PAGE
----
Generation Startup Highlights Detroit this Weekend

By Amanda Lewan on October 4th, 2016 / Comments

This weekend Generation Startup will premier at the Detroit Institute of Arts. The documentary follows around six college graduates who moved to Detroit entrepreneurs to work on a startup company in the city.

Generation Startup is directed by Academy Award winner Cynthia Wade and award-winning filmmaker Cheryl Miller Houser. The film aims to celebrate risk taking, urban revitalization, and to inspire others to follow their own entrepreneurial paths. The entrepreneurs highlighted are Venture for America fellows, a program that draws talent to come and work on startups in cities that are often overlooked. You can catch more details on the screening here.

Below Producer and Co-director Cheryl Miller Houser shares more on the story and the making of the film.

Why did you choose to tell the narrative of starting up? And why did you choose Detroit? 

For a long time I’ve been fascinated by startups. Startups are on the front lines of innovation, and many of them are transforming our society and disrupting and evolving entire industries. I also greatly admire anyone who has the courage to take risks, who isn’t deterred by the fear of failing, which holds most of us back. I was drawn to following recent college graduates who had the courage to move so far outside their comfort zone so young, especially since the years right after college are already full of such uncertainty as people are figuring out who they are and what their place in the world is.

I embarked on this film about six months after launching my own production company, which had taken me decades to get up the courage to do. I finally got up the courage to walk away from a secure, well paid job because I was fed up making programming I didn’t always love, and was determined to become master of my own destiny and only tell stories that I was excited about, that would inspire me and hopefully inspire viewers. I was extremely inspired by what Venture for America and its young entrepreneurs were doing. My son, who had just graduated from college with an English degree, was a VFA fellow working for a startup in Providence overseeing a lot of their marketing. He was in way over his head, but was learning and growing a lot by being given so much responsibility in a void. I knew following a group of Venture for America fellows in one of their cities would yield a compelling, inspiring film regardless of whether their companies succeeded or failed because in the end, it would be a moving coming of age story about young people who were stretching.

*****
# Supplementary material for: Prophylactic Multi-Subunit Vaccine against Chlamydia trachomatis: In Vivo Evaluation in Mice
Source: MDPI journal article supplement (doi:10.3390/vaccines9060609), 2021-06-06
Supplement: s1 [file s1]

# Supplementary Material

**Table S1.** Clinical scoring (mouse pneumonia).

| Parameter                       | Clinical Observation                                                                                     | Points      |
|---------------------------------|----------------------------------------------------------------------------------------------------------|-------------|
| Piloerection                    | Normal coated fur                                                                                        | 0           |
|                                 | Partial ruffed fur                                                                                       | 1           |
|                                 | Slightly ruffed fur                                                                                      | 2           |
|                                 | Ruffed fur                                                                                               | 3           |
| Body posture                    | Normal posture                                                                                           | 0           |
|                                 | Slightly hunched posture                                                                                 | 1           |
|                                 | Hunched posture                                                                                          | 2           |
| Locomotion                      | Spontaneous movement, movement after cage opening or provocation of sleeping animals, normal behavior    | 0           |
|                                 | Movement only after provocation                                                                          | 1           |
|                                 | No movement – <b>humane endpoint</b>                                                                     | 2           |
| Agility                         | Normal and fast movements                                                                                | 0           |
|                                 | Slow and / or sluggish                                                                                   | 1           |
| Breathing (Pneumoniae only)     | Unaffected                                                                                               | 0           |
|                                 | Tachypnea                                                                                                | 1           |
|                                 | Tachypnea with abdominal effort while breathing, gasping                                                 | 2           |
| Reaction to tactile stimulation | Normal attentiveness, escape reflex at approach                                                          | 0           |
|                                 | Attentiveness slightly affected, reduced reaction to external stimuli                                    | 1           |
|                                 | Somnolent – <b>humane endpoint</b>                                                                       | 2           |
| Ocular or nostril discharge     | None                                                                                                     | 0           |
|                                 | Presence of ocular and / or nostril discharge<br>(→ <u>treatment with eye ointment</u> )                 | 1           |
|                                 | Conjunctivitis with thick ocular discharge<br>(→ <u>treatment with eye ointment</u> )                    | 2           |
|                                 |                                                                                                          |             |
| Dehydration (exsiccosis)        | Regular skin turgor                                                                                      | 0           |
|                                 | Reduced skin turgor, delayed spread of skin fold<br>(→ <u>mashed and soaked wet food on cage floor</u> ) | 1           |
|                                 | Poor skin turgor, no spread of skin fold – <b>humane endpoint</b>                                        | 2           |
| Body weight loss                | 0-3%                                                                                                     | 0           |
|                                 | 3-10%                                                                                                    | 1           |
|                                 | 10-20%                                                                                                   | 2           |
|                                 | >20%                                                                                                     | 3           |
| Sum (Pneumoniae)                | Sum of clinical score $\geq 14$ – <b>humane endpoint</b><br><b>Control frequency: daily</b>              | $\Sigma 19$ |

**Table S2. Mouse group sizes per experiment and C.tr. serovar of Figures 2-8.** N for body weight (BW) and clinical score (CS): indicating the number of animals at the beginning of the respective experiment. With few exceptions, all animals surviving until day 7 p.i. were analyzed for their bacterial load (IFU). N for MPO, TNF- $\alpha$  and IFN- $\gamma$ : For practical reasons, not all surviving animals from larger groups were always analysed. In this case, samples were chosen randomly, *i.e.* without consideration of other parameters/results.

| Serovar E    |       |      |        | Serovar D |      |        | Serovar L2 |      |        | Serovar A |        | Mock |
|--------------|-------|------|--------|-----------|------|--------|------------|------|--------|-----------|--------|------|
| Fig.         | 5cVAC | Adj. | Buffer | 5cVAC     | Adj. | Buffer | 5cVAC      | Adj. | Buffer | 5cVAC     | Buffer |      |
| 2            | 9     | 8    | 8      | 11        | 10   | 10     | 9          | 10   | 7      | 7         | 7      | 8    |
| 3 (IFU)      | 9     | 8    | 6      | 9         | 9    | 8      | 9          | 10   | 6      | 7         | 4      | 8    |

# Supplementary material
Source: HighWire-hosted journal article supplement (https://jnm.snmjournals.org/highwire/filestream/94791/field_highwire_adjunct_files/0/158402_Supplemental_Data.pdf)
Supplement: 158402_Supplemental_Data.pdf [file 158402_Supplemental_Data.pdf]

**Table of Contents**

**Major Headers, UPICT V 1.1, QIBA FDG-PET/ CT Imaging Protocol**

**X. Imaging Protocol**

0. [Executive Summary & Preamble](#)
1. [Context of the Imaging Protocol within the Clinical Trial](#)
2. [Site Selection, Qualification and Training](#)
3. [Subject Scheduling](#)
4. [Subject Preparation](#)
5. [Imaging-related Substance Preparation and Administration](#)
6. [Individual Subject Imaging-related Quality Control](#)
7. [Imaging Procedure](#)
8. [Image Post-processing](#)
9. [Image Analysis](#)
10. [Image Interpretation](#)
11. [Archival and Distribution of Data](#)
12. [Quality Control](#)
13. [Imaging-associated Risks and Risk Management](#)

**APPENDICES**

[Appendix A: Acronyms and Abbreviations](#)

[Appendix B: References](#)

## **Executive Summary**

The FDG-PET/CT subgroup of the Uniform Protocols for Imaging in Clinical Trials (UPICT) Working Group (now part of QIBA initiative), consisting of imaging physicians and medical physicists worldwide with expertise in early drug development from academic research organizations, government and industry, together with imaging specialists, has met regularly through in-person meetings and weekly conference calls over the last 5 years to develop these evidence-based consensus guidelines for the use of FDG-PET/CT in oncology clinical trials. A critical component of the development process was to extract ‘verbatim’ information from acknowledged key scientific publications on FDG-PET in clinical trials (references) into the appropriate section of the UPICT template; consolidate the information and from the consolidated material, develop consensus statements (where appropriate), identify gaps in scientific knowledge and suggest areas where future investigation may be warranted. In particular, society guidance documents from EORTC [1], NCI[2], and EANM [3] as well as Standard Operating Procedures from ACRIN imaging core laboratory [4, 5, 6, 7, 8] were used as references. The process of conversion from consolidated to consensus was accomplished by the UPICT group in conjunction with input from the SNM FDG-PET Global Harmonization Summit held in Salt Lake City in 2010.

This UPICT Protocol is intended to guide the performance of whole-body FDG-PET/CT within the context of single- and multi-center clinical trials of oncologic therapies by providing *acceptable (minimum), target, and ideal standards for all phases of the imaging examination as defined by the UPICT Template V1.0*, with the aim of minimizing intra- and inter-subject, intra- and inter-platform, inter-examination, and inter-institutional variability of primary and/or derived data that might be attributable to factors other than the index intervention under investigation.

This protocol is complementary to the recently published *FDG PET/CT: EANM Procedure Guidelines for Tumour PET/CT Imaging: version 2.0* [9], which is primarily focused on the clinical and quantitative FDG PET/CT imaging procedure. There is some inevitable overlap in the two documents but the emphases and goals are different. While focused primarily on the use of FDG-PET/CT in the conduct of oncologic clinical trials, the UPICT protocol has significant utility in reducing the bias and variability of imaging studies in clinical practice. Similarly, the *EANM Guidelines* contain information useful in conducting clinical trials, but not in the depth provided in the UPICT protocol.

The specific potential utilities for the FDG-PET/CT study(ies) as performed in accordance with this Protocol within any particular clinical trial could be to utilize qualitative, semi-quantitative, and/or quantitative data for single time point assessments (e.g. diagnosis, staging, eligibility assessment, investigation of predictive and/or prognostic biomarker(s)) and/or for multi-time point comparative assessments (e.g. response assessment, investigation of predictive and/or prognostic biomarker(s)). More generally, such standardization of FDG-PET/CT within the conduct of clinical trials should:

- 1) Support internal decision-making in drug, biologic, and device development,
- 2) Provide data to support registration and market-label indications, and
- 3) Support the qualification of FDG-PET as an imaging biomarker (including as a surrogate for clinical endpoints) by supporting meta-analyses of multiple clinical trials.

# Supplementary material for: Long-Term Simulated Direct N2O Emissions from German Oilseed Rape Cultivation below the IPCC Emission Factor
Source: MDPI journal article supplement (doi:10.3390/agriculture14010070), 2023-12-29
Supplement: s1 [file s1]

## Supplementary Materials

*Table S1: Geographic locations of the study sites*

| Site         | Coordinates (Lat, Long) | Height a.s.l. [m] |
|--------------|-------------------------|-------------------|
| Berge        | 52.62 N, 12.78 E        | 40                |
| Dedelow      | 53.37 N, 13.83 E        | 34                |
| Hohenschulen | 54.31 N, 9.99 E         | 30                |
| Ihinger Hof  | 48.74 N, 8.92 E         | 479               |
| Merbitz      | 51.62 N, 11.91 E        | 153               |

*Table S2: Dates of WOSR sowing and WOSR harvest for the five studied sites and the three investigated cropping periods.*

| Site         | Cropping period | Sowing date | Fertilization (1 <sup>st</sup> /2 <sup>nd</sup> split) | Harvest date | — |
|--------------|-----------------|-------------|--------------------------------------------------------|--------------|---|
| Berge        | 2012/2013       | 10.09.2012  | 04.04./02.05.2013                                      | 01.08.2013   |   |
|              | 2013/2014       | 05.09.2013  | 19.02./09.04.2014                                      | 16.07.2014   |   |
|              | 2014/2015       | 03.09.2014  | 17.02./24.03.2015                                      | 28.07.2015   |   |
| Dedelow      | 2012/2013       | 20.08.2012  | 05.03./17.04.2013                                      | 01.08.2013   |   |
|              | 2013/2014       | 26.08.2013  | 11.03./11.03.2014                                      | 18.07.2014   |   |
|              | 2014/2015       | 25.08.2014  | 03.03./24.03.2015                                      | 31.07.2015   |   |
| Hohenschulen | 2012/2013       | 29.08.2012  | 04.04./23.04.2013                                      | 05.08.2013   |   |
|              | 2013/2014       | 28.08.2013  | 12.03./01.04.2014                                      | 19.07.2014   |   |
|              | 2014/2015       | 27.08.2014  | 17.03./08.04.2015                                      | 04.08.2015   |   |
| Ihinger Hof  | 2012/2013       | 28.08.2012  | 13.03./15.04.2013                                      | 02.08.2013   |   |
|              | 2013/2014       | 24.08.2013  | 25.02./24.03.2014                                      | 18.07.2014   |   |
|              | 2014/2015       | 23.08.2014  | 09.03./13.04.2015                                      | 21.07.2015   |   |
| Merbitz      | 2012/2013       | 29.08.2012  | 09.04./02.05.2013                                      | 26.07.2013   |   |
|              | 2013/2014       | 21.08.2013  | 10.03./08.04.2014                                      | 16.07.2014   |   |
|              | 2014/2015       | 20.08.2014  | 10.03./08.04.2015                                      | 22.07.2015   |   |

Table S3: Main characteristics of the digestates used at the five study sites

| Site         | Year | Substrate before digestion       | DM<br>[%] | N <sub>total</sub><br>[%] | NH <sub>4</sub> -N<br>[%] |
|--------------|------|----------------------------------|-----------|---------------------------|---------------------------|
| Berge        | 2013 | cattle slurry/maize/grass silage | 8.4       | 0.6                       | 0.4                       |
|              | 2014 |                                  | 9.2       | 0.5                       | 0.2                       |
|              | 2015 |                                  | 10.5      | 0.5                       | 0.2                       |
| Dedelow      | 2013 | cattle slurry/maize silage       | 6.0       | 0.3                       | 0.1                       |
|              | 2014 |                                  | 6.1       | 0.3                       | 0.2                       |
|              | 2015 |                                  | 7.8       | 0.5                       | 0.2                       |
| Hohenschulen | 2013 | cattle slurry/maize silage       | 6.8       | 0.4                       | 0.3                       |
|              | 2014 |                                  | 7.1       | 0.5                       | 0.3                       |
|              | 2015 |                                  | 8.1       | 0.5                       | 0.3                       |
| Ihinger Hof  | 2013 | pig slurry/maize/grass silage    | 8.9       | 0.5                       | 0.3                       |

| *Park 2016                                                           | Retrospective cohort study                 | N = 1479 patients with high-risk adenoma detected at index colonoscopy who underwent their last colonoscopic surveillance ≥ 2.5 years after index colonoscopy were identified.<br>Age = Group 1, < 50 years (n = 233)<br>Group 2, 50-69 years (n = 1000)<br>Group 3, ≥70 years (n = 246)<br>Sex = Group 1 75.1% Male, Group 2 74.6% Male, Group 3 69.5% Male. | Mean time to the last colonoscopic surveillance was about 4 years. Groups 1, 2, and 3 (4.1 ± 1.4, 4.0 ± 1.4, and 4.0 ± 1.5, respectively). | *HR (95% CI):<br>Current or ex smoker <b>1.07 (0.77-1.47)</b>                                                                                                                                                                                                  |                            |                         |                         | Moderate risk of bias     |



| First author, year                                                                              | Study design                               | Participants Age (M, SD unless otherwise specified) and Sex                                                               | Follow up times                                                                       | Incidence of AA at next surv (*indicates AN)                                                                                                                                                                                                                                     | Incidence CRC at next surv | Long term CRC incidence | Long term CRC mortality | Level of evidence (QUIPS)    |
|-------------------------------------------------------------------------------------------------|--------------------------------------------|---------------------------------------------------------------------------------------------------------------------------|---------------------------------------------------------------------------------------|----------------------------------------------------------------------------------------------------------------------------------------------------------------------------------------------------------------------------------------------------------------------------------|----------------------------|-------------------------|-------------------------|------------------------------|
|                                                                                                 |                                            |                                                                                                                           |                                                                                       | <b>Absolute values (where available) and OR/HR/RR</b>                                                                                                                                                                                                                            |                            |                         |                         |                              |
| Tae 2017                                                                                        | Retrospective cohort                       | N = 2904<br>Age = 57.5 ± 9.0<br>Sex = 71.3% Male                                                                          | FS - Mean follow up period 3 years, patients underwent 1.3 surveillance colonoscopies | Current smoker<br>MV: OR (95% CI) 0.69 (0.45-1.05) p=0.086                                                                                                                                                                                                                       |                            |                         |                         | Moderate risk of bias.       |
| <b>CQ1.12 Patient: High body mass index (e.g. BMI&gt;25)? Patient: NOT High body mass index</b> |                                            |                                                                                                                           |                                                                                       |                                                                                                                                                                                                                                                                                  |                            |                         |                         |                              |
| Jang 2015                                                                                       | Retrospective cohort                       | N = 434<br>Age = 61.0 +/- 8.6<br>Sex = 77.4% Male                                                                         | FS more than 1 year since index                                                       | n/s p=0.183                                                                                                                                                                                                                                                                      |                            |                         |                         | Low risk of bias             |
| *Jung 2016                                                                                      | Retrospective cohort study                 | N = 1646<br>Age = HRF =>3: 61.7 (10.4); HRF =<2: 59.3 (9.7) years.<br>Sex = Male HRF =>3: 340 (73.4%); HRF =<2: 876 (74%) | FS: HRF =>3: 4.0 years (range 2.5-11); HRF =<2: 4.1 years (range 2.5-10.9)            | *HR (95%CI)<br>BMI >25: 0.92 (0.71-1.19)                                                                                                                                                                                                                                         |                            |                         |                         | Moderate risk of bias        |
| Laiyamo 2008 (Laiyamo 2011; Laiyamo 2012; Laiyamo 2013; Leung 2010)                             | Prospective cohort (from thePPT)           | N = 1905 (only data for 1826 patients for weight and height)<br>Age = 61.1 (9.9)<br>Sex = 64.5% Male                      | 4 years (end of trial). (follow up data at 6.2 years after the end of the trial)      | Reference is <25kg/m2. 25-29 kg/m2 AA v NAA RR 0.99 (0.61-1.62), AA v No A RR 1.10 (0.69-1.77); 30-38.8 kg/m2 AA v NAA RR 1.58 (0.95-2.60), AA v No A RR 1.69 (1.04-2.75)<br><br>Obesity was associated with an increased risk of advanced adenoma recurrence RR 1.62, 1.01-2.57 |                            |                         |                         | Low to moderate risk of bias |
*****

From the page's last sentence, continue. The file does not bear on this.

Venture for America was in 15 cities when I raised the funding to make this film, so my co-director Cynthia Wade and I had to choose which city to film in. While there are exciting entrepreneurial initiatives going on in many cities around the country, we were both drawn to Detroit for many reasons. Detroit is a city built on entrepreneurship, innovation and creativity, and is seeing a renaissance thanks to those same qualities.  Detroit truly does “hustle harder,” and that entrepreneurial spirit is palpable there. Also the most important qualities one needs to be an entrepreneur are grit and resilience, and Detroit has lots of both. Detroit is also a beautiful city visually, so it provided a stunning visual palate for the film. Unlike many other documentaries made about Detroit recently, we captured the beauty and rebuilding in Detroit, not just the decay porn that other films have dwelled on.

What was one of the most surprising o interesting things you learned about entrepreneurship along the way?